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Oil Sands Potential for Energy Security

The increasing use in the United States of gasoline, jet fuel and other petroleum products made from Canada’s oil sands has aroused opposition from Canadian and U. S. environmentalists equal in intensity to that induced by nuclear waste.  Does the largest source of Canadian oil needlessly warrant this reflexive rejection, when it can make a substantial contribution to our nation’s energy security?  Oil sands may represent as much as two-thirds of the world’s total petroleum resource, with at least 1.7 trillion barrels in the Canadian Athabasca Oil Sands (alone greater that projected oil reserves in Saudi Arabia).  In October 2009, the United States Geological Survey updated the Orinoco tar sands in Venezuela to a mean estimated recoverable value of 513 billion barrels.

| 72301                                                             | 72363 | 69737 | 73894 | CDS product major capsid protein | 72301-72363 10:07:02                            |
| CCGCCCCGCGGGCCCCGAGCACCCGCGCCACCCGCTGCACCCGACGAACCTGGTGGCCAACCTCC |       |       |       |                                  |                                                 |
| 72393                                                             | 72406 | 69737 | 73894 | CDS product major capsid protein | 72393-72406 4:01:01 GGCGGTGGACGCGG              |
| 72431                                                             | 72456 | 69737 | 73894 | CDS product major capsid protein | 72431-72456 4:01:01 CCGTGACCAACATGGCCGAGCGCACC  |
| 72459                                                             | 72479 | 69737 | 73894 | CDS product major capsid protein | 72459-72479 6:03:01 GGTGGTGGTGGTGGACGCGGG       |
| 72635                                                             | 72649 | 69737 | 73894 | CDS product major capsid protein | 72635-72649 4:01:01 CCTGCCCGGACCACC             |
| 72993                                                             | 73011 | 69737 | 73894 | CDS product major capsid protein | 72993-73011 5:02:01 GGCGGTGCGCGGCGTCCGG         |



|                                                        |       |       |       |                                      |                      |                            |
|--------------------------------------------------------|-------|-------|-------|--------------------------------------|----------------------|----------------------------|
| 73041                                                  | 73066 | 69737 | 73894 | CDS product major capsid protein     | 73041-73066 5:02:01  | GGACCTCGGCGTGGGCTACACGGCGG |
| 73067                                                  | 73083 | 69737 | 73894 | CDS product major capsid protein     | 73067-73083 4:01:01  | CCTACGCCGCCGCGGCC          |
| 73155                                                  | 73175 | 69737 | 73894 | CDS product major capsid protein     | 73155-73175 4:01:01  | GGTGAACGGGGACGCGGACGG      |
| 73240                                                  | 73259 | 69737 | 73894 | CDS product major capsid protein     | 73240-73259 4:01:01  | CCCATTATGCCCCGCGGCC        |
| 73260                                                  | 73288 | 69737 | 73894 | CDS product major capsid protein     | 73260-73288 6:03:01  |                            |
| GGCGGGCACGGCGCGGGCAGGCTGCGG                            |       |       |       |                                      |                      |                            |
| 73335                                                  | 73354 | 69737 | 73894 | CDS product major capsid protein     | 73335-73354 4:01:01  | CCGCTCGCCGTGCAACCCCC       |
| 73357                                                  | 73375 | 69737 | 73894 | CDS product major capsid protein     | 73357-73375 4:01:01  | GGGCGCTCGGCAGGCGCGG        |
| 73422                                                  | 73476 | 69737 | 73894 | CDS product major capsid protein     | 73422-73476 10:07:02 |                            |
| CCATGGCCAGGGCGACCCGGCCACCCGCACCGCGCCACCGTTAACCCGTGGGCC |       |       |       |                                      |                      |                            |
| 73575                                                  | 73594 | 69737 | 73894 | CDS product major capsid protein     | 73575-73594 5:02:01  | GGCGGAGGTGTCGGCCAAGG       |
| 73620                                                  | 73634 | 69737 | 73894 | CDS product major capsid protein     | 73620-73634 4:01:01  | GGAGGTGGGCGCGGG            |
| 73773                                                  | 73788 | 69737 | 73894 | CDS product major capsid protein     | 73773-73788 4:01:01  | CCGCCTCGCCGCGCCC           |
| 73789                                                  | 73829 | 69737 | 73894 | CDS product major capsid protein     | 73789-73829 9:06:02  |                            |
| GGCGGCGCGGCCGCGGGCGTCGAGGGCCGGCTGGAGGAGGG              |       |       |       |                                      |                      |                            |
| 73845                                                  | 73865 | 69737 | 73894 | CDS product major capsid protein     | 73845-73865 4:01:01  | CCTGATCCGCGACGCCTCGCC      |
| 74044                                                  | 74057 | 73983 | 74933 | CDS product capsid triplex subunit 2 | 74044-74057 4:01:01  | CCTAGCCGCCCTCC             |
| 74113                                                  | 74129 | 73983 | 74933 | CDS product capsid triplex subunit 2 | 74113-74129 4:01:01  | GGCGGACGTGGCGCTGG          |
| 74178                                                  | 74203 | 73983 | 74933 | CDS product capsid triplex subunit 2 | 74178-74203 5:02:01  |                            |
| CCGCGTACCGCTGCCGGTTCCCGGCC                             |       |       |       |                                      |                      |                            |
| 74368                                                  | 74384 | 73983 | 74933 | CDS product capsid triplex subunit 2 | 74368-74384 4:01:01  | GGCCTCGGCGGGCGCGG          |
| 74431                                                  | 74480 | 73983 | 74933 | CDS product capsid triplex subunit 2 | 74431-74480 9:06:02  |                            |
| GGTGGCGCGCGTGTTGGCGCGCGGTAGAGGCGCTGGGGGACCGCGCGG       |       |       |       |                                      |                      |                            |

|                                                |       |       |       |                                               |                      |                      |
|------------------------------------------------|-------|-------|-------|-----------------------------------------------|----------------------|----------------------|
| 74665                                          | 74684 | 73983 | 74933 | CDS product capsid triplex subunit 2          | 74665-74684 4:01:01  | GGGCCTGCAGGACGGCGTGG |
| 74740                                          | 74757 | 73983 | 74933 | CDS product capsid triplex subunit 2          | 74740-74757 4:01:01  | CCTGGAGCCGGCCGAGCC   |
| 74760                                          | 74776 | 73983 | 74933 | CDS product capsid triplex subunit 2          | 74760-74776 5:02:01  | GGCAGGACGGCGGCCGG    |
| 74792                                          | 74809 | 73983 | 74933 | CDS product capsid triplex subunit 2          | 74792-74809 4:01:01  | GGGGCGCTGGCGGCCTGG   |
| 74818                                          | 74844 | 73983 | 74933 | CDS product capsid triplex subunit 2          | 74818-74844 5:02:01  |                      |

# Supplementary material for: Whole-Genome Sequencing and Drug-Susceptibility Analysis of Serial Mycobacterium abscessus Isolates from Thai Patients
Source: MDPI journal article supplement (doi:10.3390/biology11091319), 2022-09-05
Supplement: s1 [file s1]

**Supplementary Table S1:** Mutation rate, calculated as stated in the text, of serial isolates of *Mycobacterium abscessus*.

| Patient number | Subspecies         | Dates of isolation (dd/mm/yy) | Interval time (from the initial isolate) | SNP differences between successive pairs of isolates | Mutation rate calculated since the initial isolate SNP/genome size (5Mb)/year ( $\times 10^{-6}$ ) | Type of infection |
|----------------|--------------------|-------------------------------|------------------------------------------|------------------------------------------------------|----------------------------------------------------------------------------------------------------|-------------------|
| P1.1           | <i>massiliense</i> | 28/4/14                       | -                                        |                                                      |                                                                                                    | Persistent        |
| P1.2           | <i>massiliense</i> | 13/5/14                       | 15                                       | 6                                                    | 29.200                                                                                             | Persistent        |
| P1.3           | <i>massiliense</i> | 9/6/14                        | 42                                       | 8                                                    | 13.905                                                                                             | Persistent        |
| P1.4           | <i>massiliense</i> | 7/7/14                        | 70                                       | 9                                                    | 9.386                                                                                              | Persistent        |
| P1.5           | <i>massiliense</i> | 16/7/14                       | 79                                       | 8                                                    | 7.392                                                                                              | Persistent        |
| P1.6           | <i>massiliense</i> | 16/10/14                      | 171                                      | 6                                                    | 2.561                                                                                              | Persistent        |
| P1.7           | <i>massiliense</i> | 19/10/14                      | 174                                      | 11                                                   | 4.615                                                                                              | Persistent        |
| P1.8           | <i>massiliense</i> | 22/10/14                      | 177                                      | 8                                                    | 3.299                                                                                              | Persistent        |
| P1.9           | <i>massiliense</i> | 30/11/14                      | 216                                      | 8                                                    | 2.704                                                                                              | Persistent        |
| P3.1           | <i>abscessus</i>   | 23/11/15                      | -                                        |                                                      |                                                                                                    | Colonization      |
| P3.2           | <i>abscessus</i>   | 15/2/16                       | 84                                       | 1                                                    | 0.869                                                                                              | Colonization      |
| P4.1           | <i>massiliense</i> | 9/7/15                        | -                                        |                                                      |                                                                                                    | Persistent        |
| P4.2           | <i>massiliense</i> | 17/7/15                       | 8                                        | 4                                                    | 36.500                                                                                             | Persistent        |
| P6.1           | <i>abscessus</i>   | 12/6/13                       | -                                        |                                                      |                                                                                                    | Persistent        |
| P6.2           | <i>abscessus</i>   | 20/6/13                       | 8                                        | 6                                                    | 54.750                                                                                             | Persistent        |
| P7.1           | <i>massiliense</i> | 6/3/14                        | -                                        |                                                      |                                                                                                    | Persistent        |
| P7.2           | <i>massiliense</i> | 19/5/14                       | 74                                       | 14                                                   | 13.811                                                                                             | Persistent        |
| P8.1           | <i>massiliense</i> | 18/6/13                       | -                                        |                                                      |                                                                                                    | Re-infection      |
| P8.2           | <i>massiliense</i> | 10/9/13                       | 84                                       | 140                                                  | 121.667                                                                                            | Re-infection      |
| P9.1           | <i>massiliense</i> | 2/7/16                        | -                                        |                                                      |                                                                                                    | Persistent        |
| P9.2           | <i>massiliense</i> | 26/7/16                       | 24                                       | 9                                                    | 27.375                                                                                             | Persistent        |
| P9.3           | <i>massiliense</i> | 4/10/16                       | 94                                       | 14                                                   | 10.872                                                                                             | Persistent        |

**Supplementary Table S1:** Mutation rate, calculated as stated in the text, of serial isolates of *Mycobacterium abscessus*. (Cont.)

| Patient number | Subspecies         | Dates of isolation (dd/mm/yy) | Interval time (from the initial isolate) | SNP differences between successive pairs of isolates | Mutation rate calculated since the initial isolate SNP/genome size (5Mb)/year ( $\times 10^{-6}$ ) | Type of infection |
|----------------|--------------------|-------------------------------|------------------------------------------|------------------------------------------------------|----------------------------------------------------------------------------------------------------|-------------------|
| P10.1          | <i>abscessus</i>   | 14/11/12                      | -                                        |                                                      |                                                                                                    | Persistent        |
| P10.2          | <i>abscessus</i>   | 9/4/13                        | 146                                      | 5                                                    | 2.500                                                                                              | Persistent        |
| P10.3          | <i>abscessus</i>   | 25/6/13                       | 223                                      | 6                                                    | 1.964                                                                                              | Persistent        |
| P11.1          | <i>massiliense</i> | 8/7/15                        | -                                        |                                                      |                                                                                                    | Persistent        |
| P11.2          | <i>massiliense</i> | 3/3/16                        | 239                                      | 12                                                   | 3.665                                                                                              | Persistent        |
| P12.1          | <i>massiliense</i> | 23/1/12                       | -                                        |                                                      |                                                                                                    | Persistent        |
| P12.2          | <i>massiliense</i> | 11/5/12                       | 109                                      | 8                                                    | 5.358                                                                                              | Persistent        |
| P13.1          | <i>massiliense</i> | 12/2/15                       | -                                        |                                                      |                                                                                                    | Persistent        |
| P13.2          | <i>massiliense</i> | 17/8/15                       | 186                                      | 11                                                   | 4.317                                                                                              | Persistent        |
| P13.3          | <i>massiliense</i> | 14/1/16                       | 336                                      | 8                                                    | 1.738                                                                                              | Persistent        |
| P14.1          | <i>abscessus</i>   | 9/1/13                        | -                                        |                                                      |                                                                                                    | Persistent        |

Energy resources that contribute little or nothing to America’s energy independence or it’s well-being do not justify getting bothered about  Current and near future alternative energy sources, such as wind and solar power sources, do very little to provide comfort to American energy independence.  Only until very recently did anyone really care that a breeder reactor planned for a site on the Clinch River in Tennessee was never built! Or that the Government’s synthetic fuels program failed! The more dependent the U.S. becomes on imported oil the more challenging it becomes to find those sources both politically and of sufficient quantity.  Canadian oil sands, on the other hand, are close and are indispensible to America’s security.